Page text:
ACI Worldwide Corp. v. Churchill Lane Associates, LLC

Filing 134

MEMORANDUM AND ORDER The Statement of Objections to Magistrate Judge's Order, ECF No. 129 , filed by Plaintiff ACI Worldwide Corp., is overruled. Ordered by Chief Judge Laurie Smith Camp. (KLF)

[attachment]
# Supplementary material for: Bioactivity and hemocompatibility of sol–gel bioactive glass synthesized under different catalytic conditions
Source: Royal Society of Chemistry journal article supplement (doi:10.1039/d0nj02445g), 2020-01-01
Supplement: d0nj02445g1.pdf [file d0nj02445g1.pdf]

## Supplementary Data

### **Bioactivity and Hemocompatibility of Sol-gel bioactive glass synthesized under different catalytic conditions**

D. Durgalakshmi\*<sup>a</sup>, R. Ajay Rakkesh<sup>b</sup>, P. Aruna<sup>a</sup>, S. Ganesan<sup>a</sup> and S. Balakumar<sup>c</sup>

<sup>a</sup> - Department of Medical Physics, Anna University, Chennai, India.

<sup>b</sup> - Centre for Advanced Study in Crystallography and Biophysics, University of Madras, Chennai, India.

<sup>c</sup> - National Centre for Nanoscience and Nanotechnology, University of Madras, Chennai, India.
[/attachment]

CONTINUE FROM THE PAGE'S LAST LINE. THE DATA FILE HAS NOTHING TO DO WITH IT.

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IN THE UNITED STATES DISTRICT COURT FOR THE DISTRICT OF NEBRASKA ACI WORLDWIDE CORP., Plaintiff, 8:14CV249 vs. MEMORANDUM AND ORDER CHURCHILL LANE ASSOCIATES, LLC, Defendant. This matter is before the Court on the Statement of Objections, ECF No. 129, filed by Plaintiff ACI Worldwide Corp. (ACI). For the reasons stated below, the Statement of Objections will be overruled. BACKGROUND In 2001, ACI entered into a Licensing Agreement with Nestor, Inc. (Nestor), through which ACI was permitted to use and sub-license portions of various software technology (“Licensed Software Technology”) developed and owned by Nestor. Under the Licensing Agreement, any new technology ACI developed using Nestor’s software would be owned by Nestor. For use of the software, ACI agreed to pay Nestor ongoing, periodic royalties. In 2002, Nestor and ACI executed Amendment 2 to the Licensing Agreement, through which Nestor assigned its right to the royalties from the Licensing Agreement to Defendant Churchill Lane Associates, LLC (“Churchill”). Nestor and Churchill also entered into agreements through which Nestor irrevocably assigned its right to future royalties under the Licensing Agreement to Churchill and promised not to modify the Licensing Agreement without Churchill’s consent. In 2009, Nestor became insolvent and entered receivership. The appointed receiver sold all of Nestor’s rights in the Licensing Agreement and the Licensed Software Technology to American Traffic Solutions (“ATS”). purchased these rights from ATS. In July of 2014, ACI After this purchase, ACI notified Churchill that, because ACI believed it now owned all rights in the Licensing Agreement, ACI was unilaterally terminating the Licensing Agreement and no longer owed royalties to Churchill. ACI sent a check to Churchill for the remaining balance due under the Licensing Agreement. Churchill communicated to ACI that Churchill believed the Licensing Agreement remained in effect and that ACI continued to owe ongoing royalties to Churchill. On August 24, 2014, ACI filed this action, seeing a declaratory judgment that (1) ATS’s assignment to ACI was valid and enforceable; (2) ACI was the owner of the Licensed Software Technology free and clear of any claim or right of Churchill; (3) ACI was the proper assignee of, and successor licensor under, the Licensing Agreement, free and clear of any claim or right of Churchill; (4) ACI validly terminated the Licensing Agreement effective July 21, 2014; (5) ACI tendered timely, final, and full payments of all amounts due to Churchill under the Licensing Agreement and no new amounts could become due; and (6) Churchill, as a non-party to the Licensing Agreement, did not have standing to challenge the assignment of the Licensed Software Technology or the assignment and termination of the Licensing Agreement. Churchill pled several affirmative defenses and counter-claims, and asked the Court to find that (1) the Licensing Agreement was not terminated and that ACI remained obligated to pay royalties to Churchill; (2) Churchill was due an accounting of 2 the royalties outstanding per the terms of the Licensing Agreement; (3) ACI had to pay all royalties due under the Licensing Agreement; (4) Churchill was entitled to royalty payments on any fees paid to ACI or its affiliates for licensing or maintenance of the Licensed Software Technology or any part of the new technology; and (5) even if the Licensing Agreement was terminated, Churchill is still owed royalties on any sublicenses which were granted with respect to ACI and any third parties prior to the termination of the Licensing Agreement. On November 13, 2015, while cross-motions for summary judgment were pending, ACI filed a motion to amend its complaint, ECF No. 81, seeking amendments that included adding a claim of unjust enrichment, an affirmative defense of unclean hands, and an affirmative defense based on the Rule against Perpetuities. While the cross-motions for summary judgment and the motion to amend were pending, ACI filed a letter stating: We respectfully submit that the Court need only decide the parties’ competing summary judgment motions, a decision that likely will obviate the need to decide the discovery motions. Put simply, there is a straightforward basis for the Court to grant [ACI] judgment, now, on the existing summary judgment record. Undisputed facts applied to a clear written agreement demonstrate that [ACI] is entitled to summary judgment. . . . [I]f [ACI] is right that the entry of summary judgment now is appropriate, then the Court need not decide all of those other motions, discovery will be concluded, and trial preparation ended. Filing No. 102, Page ID 1579–80. In response to this letter, the Court entered an order on December 30, 2015, stating that “the Court will not address [ACI’s] Motion to Amend Complaint, [ECF No. 81], at this time.” ECF No. 107. On March 9, 2016, the Court granted ACI’s Motion for Summary Judgment as to claims (1) to (5) and dismissed all of Churchill’s counter3 claims. ECF No. 109. Churchill appealed, and on January 27, 2017, the Eighth Circuit Court of Appeals issued an opinion affirming in part and reversing in part the Court’s summary judgment order. The Eighth Circuit held that ACI validly terminated the Licensing Agreement on July 21, 2014, and that ACI did not owe Churchill royalties on any sublicenses that ACI had granted since termination or that it will grant in the future. The Eighth Circuit also found that Churchill assumed the protections of an assignee in 2002 and that those protections were not eliminated by the 2007 amendment or the 2009 receivership sale of Nestor’s assets to ATS. Thus, ACI owed Churchill royalties for all sublicenses granted prior to the Licensing Agreement’s termination. The Eighth Circuit remanded the case to this Court for further proceedings. After the entry of the mandate, the Court allowed supplemental briefing on ACI’s motion to amend. On August 4, 2017, Magistrate Judge Michael Nelson entered an order, ECF No. 126, denying the motion. ACI filed the current objection, ECF No. 129, on August 18, 2017. STANDARD OF REVIEW When a party objects to a magistrate judge’s order on a nondispositive pretrial matter, a district court may set aside any part of the order shown to be clearly erroneous or contrary to law. Fed. R. Civ. P. 72(a); 28 U.S.C. § 636(b)(1)(A). “A finding is ‘clearly erroneous’ when although there is evidence to support it, the reviewing court on the entire evidence is left with the definite and firm conviction that a mistake has been committed.” Chase v. Comm’r, 926 F.2d 737, 740 (8th Cir. 1991) (quoting United States v. U.S. Gypsum Co., 333 U.S. 364, 395 (1948)). “An order is contrary to law if it ‘fails to apply or misapplies relevant statutes, case law, or rules of procedure.’” 4 Haviland v. Catholic Health Initiatives-Iowa, Corp., 692 F. Supp. 2d 1040, 1043 (S.D. Iowa 2010) (quoting Knutson v. Blue Cross & Blue Shield of Minn., 254 F.R.D. 553, 556 (D. Minn. 2008)). ANALYSIS In his order, Judge Nelson held that, because ACI filed the motion to amend outside the court-imposed scheduling deadline, ACI needed to demonstrate good cause under Federal Rule of Civil Procedure 16(b). See Fed. R. Civ. P. 16(b)(4). “The primary measure of good cause is the movant’s diligence in attempting to meet the order’s requirements.” Sherman v. Winco Fireworks, Inc., 532 F.3d 709, 717 (8th Cir. 2008) (citing Fed. R. Civ. P. 16(b) advisory committee’s note to 1983 Amendment; Rahn v. Hawkins, 464 F.3d 813, 822 (8th Cir. 2006)). Judge Nelson found that “[t]he factual basis for ACI’s proposed amendments ha[d] long been available to ACI,” ECF No. 126, Page ID 1813, and that “[o]ther than obtaining additional counsel, ACI offer[ed] no evidence or explanation why these allegations could not have been raised before the Court’s deadline passed.” Id., Page ID 1814. Thus, Judge Nelson held that ACI had not shown good cause, and he denied the motion. Id. In its objection, ACI essentially argues that Judge Nelson should have granted leave to amend because ACI’s delay was not due to oversight or bad faith; this is its first request to amend; the amendment does not add new parties or unknown facts; and the amendment would not cause undue delay. Supp. Brief, ECF No. 130, Page ID 1830. Indeed, “[a] district court may deny leave to amend [under Rule 15] ‘if there are compelling reasons such as undue delay, bad faith, or dilatory motive, repeated failure to cure deficiencies by amendments previously allowed, undue prejudice to the non5 moving party, or futility of the amendment.’” Reuter v. Jax Ltd., Inc., 711 F.3d 918, 922 (8th Cir. 2013) (quoting Sherman v. Winco Fireworks, Inc., 532 F.3d 709, 715 (8th Cir. 2008)); see also James ex rel. U.S. v. Midlands Choice, Inc., No. 8:13CV69, 2014 WL 3347871, at *2 (D. Neb. July 8, 2014) (citing Reuter, 711 at 922). Beyond satisfying Rule 15, however, ACI needed to show good cause under Rule 16(b), i.e., why “despite its diligence, ‘the belated amendment could not reasonably have been offered sooner.’” Morrison Enterprises, LLC v. Dravo Corp., No. 4:08CV3142, 2010 WL 76038, at *5 (D. Neb. Jan. 4, 2010) (quoting Transamerica Life Insurance Co. v. Lincoln National Life Insurance Co., 590 F. Supp. 2d 1093, 1100 (N.D. Iowa 2008)), aff’d, 638 F.3d 594 (8th Cir. 2011)). Judge Nelson found that ACI had not shown good cause, and ACI has not demonstrated how Judge Nelson’s conclusion was clearly erroneous or contrary to law. ACI’s objection will be overruled.1 Accordingly, IT IS ORDERED: The Statement of Objections to Magistrate Judge’s Order, ECF No. 129, filed by Plaintiff ACI Worldwide Corp., is overruled. Dated this 15th day of September, 2017. BY THE COURT: s/Laurie Smith Camp Chief United States District Judge 1 On August 30, 2017, counsel for ACI emailed the Court and counsel for Churchill requesting an informal meeting between the parties and the Court to discuss “the remaining disputes and discern the most practical and efficient way to resolve those disputes and bring this case to conclusion.” Counsel for Churchill responded to the email on September 1, 2017. Having now ruled on ACI’s objection, the Court finds that the meeting is unnecessary in light of Judge Nelson’s Order, ECF No. 131. 6